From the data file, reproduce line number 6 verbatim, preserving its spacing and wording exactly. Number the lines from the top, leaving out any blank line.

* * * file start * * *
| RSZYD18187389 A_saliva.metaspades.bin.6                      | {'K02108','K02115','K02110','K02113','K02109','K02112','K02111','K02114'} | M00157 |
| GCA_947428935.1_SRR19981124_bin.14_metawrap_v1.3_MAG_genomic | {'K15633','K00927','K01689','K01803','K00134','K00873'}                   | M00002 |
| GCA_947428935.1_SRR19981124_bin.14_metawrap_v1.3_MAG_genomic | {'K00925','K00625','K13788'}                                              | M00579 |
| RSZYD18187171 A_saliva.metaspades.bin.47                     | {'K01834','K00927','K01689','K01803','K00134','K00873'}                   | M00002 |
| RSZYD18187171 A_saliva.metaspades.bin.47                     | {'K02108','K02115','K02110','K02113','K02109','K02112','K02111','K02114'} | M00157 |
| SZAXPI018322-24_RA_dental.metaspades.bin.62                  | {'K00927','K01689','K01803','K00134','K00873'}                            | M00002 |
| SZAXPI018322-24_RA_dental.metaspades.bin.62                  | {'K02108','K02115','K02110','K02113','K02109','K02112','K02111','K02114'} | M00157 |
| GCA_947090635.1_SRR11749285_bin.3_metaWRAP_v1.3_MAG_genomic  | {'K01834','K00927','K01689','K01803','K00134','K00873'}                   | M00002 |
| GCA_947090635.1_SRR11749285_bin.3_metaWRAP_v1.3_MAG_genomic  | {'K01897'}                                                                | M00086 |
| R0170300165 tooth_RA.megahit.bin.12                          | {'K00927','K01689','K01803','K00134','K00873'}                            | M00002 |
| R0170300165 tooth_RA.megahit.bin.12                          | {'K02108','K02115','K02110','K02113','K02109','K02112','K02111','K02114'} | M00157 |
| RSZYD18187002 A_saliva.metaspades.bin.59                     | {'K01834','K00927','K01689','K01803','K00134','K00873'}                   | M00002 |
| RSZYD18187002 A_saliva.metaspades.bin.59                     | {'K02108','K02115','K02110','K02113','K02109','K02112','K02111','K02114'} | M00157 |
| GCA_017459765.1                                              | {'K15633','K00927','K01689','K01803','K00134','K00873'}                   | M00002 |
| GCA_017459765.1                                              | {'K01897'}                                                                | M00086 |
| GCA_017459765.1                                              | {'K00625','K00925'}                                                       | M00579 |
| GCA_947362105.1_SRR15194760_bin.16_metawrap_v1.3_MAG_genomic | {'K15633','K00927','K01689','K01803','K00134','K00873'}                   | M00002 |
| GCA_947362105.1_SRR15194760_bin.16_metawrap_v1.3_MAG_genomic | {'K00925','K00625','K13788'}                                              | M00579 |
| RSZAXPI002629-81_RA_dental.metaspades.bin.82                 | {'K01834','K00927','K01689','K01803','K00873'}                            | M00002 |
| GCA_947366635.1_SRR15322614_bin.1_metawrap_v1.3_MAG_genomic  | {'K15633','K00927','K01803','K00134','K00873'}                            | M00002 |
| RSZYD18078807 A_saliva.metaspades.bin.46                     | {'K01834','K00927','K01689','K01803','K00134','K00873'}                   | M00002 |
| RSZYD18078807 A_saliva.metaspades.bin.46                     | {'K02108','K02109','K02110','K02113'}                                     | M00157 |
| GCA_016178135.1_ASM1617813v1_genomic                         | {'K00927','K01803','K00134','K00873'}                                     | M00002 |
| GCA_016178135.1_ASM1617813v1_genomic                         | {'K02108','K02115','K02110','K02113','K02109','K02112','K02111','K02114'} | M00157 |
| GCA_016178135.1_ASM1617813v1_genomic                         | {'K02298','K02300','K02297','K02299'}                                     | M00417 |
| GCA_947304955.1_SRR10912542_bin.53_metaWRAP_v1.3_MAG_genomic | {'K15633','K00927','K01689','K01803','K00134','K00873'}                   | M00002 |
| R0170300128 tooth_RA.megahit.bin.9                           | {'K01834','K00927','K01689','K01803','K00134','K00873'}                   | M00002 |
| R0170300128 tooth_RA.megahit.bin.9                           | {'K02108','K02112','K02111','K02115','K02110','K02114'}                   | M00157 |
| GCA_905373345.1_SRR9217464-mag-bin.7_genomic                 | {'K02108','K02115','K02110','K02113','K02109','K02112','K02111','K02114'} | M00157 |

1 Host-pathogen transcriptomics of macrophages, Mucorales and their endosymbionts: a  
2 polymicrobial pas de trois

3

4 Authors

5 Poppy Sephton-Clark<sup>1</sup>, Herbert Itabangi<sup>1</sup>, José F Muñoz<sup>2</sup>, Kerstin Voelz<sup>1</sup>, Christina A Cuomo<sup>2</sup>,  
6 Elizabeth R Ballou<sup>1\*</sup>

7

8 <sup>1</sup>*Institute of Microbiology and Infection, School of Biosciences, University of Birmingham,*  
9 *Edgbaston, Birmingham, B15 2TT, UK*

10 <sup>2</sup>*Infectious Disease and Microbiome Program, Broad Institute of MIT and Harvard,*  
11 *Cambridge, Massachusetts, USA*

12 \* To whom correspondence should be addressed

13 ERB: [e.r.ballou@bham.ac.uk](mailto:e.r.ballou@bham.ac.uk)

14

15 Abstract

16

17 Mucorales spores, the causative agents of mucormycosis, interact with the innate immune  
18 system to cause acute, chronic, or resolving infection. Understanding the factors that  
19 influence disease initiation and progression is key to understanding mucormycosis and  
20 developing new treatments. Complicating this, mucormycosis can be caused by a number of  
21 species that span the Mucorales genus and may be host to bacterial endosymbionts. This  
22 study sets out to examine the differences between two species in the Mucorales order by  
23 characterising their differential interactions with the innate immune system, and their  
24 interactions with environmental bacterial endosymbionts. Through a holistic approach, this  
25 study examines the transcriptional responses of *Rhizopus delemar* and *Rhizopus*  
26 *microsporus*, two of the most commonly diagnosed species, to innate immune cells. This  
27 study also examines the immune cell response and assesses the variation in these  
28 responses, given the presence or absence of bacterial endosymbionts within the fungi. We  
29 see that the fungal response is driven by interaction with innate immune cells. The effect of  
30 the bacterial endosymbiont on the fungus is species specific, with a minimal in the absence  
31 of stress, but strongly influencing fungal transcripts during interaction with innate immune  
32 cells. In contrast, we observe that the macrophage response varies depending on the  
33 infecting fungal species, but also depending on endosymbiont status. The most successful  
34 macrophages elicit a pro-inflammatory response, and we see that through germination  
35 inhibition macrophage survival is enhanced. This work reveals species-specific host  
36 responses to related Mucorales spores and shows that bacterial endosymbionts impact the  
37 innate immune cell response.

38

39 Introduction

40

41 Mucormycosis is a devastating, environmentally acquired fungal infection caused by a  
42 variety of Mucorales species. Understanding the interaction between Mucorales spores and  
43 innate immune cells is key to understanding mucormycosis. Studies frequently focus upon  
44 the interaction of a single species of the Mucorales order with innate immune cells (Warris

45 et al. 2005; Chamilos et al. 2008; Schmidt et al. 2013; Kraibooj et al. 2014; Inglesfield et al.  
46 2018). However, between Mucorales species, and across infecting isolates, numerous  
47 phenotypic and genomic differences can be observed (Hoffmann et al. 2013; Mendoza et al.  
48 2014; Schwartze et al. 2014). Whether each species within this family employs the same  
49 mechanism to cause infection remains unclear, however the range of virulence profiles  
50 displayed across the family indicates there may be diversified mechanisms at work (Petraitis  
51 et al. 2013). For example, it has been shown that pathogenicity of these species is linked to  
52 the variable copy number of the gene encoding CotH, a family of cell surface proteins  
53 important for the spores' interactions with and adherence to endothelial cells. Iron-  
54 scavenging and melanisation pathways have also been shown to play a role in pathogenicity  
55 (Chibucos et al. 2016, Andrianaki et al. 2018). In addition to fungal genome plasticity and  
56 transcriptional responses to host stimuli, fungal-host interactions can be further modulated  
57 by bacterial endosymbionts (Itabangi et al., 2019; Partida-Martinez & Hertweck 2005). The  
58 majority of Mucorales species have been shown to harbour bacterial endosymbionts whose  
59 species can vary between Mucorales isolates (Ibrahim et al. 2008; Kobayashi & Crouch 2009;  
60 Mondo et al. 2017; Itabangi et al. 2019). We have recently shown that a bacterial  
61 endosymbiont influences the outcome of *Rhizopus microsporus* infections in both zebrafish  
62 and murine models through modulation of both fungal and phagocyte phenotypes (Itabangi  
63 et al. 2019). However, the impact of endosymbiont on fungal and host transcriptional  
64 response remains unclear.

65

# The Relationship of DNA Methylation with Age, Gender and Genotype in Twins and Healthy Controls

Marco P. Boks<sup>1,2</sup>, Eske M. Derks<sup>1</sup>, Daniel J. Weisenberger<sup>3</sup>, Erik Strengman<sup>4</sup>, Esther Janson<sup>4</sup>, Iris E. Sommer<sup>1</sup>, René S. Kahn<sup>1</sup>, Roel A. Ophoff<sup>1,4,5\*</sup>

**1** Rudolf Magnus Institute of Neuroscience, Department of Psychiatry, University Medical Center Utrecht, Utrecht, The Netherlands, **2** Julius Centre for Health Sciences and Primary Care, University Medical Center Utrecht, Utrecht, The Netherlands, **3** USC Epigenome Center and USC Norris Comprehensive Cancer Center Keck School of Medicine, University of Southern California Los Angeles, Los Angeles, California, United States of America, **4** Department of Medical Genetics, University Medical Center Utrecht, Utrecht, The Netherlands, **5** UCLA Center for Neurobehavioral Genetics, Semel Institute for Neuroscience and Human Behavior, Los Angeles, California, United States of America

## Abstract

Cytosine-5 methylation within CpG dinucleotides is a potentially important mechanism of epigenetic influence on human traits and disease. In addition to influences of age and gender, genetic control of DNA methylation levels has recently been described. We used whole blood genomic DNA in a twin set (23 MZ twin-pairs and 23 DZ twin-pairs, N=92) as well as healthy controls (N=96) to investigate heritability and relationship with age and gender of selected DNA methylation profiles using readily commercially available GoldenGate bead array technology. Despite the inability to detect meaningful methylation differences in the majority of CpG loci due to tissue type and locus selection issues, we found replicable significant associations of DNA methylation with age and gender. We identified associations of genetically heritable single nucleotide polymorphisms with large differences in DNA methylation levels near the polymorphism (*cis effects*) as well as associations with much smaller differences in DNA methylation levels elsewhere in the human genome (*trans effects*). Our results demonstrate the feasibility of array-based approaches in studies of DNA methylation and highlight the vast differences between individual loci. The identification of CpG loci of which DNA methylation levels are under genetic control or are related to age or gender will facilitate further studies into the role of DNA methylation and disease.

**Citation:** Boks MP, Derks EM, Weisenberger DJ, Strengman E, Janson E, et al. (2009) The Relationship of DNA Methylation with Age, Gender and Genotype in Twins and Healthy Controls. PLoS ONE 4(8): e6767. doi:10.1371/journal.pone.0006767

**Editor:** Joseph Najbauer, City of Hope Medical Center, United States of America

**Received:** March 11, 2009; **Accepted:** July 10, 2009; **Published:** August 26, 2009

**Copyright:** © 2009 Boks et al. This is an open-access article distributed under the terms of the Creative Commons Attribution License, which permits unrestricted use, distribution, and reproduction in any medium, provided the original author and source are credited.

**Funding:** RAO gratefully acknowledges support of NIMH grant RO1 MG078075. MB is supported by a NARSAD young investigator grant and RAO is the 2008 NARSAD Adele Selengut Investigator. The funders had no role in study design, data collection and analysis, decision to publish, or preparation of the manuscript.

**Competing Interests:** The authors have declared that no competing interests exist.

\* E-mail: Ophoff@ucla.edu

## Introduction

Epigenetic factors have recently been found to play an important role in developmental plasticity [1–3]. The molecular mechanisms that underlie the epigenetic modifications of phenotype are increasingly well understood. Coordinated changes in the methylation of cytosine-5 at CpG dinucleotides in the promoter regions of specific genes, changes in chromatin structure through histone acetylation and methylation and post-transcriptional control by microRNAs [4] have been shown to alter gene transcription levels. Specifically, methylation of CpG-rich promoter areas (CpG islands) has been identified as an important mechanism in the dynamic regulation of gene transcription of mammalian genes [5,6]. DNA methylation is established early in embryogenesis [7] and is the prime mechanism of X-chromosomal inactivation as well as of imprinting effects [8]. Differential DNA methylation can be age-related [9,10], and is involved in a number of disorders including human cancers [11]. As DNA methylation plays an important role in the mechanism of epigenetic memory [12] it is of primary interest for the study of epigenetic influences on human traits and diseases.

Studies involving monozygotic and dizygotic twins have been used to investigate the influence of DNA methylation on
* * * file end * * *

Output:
| SZAXPI018322-24_RA_dental.metaspades.bin.62                  | {'K00927','K01689','K01803','K00134','K00873'}                            | M00002 |